The probability of an economic shock is increasing month-by-month or even day-by-day due to Peak Everything, and as described in previous Suburban posts it is a very good idea to act while we have time to prepare for energy descent amongst other major issues.
If we are resource or space poor there are many skills that can be learnt to prepare. As we will need to be increasingly frugal mainly for one of two reasons, which applies not only to suburbanites, but to anyone reading. These two reasons are to free up capital to rapidly pay down debt, or to survive on a low income base.
I am pursuing frugality, which I believe is subset of sustainable living for the first reason, to rapidly pay down debt. Debt in the form of a mortgage and to accumulate a large enough ’emergency fund’ for any unexpected circumstances. However that is not to say that our present circumstances could not turn 180 degrees in a heartbeat. It would only take another slump in the Australian economy to reverse my good fortune.
So, what skills are important? I believe that home-making is the ultimate skill set required to live comfortably in energy descent, once the basics of food, water and shelter are taken care of. In fact these skills complement or in some way, shape or form utilise all three. Lets go through a few of them.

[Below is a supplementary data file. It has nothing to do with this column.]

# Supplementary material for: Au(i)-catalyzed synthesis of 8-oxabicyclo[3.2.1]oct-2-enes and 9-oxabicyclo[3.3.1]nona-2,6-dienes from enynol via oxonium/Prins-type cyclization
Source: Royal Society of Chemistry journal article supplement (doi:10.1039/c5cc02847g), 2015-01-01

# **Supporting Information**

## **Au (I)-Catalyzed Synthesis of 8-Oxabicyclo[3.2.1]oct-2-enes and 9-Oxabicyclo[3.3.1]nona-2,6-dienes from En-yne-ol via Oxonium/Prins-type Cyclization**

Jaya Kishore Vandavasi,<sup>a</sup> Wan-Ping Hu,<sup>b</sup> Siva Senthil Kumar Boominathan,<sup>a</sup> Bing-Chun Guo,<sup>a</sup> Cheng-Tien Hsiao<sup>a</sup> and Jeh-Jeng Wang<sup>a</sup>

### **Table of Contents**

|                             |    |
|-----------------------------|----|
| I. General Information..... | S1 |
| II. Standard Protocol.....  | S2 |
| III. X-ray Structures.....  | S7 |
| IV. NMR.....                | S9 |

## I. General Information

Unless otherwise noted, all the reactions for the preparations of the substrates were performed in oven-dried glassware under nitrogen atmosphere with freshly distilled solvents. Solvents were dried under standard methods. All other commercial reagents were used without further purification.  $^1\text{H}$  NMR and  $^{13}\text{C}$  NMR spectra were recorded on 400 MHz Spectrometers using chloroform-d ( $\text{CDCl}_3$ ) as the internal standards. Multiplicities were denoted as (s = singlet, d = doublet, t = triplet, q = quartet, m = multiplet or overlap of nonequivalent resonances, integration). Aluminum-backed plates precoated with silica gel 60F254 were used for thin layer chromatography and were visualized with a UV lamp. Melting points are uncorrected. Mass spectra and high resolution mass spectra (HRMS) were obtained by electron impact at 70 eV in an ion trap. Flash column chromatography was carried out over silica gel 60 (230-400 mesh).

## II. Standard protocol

Cooking from scratch: cooking is not reheating food that has been pre-packaged, as some may think these days. It is the art of taking raw ingredients, and with the addition of key ingredients, turning it into a gastronomic and mouth watering delight. Cooking does not have to be fancy, but it does have to be nutritional, if one is to survive without illness. Cooking skills are often passed on from generation to generation, however in all the consumer culture craziness we seemed to have skipped this vital skill. How you learn it is up to you, but what ever you do, learn it quickly. No pressure of course!
Menu Planning: This skill is essential when deciding what to cook from scratch. If you have the land to grow your own, then it is important to use ingredients for meals from the garden first, before purchasing additional foodstuffs from elsewhere. Then workout what meals are going to be provide you with the nutrition that you need, with in your means so that you can buy, barter or swap food that you need. You will save cash doing this as well.